“What is Journalism For? My Personal Philosophy of Journalism.”

    When I initially began the journalism program, I was uncertain of journalism's role and purpose. I wanted to expand my writing techniques and style and explore research methods and current news. My first year of journalism school has given me the opportunity to delve deeper into the subject of journalism. My perception has evolved throughout this past year.

  Presently, I believe the role and purpose of journalism is to inform the public and help them to make their own decisions and judgments on past and present issues. I also believe that journalists can empower citizens to act on issues that are important to them. They can enable citizens to become involved in their communities.

  Another purpose of journalism that is especially relevant to me, is to challenge and at times change perceptions. One of the many responsibilities of journalists is to use their power and resources in order to succeed in challenging common misconceptions.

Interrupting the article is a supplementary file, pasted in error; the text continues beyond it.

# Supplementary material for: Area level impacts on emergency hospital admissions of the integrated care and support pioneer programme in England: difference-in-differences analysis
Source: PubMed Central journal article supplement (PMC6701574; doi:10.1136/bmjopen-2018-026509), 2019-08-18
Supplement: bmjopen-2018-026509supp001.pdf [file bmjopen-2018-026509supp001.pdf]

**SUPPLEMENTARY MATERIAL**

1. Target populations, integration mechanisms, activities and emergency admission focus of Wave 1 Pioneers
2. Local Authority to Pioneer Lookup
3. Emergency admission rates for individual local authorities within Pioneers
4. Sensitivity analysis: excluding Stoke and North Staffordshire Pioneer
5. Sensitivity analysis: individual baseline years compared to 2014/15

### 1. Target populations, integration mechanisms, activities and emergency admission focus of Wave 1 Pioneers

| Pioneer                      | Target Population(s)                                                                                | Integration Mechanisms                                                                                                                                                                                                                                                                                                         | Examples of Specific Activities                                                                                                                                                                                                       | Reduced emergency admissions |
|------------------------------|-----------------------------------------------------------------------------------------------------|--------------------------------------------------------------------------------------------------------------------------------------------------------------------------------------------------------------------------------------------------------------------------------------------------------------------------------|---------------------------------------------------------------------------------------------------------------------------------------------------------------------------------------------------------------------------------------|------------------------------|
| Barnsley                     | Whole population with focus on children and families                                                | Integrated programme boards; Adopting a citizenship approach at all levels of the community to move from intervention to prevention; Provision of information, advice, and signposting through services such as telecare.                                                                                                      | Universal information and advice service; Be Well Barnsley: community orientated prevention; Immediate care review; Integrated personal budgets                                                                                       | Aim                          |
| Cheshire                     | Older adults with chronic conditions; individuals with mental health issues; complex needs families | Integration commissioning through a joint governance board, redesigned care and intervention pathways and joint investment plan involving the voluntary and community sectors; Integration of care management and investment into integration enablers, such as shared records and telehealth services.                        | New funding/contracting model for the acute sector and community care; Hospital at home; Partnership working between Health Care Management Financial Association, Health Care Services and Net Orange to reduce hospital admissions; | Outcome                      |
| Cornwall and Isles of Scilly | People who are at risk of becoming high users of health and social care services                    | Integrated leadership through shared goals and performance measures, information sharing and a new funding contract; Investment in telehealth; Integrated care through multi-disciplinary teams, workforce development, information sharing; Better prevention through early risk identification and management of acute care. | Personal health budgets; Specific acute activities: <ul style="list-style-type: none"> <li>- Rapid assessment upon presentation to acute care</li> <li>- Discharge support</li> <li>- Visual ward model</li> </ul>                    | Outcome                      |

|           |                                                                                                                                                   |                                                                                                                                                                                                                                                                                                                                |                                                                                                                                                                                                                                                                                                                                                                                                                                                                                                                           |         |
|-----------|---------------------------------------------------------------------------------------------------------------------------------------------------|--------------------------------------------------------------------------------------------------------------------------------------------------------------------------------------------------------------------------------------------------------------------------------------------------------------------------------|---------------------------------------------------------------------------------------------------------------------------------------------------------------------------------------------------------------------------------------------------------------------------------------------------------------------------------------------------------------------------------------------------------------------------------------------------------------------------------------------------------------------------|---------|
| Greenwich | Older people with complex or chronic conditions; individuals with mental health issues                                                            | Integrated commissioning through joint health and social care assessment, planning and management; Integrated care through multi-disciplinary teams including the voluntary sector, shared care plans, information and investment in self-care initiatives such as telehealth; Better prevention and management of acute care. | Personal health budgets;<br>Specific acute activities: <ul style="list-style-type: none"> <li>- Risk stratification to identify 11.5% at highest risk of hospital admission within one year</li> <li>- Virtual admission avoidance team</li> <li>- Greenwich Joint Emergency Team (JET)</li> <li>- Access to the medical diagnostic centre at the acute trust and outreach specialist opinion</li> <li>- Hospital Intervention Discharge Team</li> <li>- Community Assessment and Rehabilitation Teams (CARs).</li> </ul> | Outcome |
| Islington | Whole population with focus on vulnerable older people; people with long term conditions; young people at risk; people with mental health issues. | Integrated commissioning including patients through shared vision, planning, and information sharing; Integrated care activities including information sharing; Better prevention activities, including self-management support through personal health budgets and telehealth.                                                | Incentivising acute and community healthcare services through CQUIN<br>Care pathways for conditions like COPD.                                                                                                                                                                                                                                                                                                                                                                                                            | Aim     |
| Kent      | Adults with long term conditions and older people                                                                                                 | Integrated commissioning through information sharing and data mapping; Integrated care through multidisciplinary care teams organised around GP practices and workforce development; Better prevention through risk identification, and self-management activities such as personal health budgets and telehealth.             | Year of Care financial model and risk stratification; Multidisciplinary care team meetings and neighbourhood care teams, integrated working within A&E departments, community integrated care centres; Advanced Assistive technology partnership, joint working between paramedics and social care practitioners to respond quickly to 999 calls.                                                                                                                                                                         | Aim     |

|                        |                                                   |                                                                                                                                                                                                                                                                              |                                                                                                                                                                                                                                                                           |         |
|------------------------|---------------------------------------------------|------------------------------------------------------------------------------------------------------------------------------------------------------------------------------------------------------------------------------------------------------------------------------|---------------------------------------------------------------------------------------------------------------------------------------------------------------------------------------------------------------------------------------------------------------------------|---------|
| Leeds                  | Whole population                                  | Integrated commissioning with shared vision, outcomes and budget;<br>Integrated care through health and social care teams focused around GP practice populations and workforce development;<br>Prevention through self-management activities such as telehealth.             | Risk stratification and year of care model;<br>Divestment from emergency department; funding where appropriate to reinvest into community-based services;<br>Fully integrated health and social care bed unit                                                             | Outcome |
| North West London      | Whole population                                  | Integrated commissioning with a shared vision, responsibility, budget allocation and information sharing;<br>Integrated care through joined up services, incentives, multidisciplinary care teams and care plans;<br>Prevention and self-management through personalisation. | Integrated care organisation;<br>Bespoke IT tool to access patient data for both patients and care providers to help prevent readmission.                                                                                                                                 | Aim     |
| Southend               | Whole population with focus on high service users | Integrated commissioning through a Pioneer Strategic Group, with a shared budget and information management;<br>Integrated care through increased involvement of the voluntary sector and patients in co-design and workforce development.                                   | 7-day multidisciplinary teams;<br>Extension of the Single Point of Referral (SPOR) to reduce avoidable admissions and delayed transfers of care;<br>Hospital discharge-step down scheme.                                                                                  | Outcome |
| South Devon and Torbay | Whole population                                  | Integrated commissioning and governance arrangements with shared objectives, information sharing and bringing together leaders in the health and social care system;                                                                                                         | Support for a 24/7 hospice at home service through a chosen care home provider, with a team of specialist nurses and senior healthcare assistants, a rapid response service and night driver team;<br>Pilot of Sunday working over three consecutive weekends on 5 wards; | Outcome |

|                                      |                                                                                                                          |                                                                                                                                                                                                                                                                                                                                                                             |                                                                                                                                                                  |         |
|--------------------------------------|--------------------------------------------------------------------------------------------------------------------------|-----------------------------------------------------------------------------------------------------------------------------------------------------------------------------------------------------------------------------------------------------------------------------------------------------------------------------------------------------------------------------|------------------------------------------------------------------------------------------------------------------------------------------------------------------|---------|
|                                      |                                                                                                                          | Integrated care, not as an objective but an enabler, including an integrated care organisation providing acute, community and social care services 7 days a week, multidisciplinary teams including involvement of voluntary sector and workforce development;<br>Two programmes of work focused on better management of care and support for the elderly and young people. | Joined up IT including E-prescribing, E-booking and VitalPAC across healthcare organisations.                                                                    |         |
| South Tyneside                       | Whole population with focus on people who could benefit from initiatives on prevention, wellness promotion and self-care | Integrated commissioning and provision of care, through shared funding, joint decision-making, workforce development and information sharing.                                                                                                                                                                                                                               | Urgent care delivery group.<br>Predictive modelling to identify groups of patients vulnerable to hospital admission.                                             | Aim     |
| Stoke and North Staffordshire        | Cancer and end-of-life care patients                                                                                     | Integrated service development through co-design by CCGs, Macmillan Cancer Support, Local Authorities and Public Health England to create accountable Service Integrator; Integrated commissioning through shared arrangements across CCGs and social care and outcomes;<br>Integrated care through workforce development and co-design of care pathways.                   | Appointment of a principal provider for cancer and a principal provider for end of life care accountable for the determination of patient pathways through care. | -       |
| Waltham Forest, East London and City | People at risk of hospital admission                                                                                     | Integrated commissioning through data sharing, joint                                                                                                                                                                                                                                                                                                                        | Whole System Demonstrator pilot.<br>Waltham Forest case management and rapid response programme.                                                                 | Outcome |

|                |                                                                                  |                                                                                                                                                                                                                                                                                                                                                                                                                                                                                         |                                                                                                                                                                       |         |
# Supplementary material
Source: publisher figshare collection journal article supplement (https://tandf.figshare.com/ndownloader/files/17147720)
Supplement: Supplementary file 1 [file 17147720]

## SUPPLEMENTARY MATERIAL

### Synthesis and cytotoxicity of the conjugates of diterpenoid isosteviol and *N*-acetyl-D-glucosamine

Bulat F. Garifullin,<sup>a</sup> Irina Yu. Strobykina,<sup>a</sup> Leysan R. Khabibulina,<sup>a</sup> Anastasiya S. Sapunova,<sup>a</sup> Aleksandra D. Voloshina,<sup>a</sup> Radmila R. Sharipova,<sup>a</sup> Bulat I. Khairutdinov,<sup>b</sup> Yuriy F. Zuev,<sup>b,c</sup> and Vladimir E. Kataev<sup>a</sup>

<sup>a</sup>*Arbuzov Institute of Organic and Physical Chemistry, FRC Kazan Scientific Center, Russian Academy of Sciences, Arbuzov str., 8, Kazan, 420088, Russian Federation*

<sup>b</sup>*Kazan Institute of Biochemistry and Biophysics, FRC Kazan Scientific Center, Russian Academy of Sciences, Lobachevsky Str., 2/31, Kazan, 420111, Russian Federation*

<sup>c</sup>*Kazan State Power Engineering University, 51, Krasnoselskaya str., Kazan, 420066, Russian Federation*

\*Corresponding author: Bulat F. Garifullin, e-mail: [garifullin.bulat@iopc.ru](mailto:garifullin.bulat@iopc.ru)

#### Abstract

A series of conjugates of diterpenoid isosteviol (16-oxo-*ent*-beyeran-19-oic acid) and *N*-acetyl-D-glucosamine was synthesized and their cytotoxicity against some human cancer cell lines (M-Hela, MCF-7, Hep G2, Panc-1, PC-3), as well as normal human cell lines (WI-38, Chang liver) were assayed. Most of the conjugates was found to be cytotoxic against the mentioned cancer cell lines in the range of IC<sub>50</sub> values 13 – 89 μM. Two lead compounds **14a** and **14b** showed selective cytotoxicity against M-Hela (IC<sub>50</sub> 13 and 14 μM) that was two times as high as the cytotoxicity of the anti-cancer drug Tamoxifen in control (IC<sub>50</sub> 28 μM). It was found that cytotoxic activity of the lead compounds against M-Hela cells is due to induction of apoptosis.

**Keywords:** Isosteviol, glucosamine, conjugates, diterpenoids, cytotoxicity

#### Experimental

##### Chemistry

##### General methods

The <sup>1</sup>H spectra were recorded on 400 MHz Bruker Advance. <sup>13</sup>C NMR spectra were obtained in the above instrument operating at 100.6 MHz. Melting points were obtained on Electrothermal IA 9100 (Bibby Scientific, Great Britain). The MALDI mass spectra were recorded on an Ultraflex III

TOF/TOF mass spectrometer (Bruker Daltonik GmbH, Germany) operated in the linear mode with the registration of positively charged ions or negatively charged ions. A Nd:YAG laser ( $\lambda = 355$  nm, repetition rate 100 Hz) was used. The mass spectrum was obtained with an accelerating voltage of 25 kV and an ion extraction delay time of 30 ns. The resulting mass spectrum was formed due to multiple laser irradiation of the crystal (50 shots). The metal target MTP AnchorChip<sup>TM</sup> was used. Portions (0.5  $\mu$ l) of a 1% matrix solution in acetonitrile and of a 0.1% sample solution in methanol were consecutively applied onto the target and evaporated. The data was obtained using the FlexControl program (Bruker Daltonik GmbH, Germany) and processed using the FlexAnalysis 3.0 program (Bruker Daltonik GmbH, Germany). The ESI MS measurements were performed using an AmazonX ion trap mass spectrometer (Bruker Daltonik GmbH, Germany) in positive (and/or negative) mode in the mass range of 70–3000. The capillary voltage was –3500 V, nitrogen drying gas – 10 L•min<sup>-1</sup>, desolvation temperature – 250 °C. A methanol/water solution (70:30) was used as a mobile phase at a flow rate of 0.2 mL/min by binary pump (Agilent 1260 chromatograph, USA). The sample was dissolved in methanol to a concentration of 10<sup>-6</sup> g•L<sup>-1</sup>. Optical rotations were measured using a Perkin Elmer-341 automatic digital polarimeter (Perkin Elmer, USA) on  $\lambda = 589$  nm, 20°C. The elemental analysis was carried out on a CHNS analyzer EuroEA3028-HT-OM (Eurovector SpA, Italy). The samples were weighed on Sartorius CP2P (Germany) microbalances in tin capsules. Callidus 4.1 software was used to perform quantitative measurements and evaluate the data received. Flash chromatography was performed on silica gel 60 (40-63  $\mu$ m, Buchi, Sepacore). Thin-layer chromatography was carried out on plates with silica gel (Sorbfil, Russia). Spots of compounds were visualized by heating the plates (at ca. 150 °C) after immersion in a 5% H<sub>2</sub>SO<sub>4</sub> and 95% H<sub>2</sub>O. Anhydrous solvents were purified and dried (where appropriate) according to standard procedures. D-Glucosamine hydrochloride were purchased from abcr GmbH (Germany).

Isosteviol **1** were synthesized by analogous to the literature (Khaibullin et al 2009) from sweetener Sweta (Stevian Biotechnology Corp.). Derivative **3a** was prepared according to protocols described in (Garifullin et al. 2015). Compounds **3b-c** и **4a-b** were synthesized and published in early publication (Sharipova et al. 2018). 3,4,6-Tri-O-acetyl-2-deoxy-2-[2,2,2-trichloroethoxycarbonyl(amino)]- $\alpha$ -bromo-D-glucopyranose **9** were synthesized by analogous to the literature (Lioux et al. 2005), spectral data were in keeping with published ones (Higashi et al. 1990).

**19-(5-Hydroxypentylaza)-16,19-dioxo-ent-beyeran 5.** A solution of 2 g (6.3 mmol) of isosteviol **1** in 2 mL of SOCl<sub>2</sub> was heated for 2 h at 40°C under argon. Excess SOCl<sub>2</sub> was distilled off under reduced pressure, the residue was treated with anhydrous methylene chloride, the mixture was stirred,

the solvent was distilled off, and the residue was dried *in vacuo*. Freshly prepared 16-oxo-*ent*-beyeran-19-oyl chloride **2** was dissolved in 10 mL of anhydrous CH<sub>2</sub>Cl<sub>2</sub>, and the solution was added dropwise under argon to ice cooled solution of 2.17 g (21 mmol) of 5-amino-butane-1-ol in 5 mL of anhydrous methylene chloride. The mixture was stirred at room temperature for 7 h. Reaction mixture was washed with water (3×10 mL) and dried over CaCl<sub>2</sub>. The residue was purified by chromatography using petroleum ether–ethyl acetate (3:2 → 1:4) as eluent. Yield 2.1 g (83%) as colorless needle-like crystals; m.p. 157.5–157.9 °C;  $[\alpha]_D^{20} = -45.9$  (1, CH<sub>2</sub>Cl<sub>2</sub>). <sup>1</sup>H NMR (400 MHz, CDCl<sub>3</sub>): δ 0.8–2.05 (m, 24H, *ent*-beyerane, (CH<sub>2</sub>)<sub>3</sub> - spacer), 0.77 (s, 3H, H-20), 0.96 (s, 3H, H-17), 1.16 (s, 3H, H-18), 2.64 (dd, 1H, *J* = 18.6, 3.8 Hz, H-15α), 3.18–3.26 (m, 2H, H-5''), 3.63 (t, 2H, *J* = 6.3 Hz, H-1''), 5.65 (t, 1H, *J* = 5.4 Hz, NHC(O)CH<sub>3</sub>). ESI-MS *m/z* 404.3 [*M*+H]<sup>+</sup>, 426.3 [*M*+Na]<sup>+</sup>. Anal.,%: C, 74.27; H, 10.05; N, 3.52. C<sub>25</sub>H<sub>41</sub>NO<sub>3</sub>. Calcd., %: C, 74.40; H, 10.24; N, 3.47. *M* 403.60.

One principle that is significant in my view of the role of journalism is verifying the facts. When writing a story, I first need to determine who I need to interview. Where will my information come from? How will I receive the information that I need? One of the first things I would have to figure out is what information is significant to the story? Bill Kovach and Tom Rosenstiel state: "How do you sift through the rumors, the gossip, the failed memories, the manipulative agenda, and try to capture something as accurately as possible." (The Elements of Journalism, p.79) Kovach and Rosenstiel mention the "tools in the discipline of verification." (p.79)I believe these tools are essential to accurately capture and verify the facts. For me, these tools are: seeking out multiple sources, gaining a diverse representation, continually asking questions and being transparent to and about your sources. Using these tools helps to filter out the gossip and misconceptions, in order to find the true facts. I also agree with Kovach and Rosensteil that "the discipline of verification is what separates journalism from entertainment, propaganda, fiction or art." (p. 79) For me, journalism should be more educational, more focused on facts and less on opinion, creativity and self-expression. I do believe there is a time and place for "infotainment," fiction and art, but I believe that the lines between these subjects have become blurred. The concepts that Kovach and Rosensteil outlined in forming a foundation for verification make journalism more concrete and the line between "infotainment" and the journalism profession can become clearer, if these tools are implemented.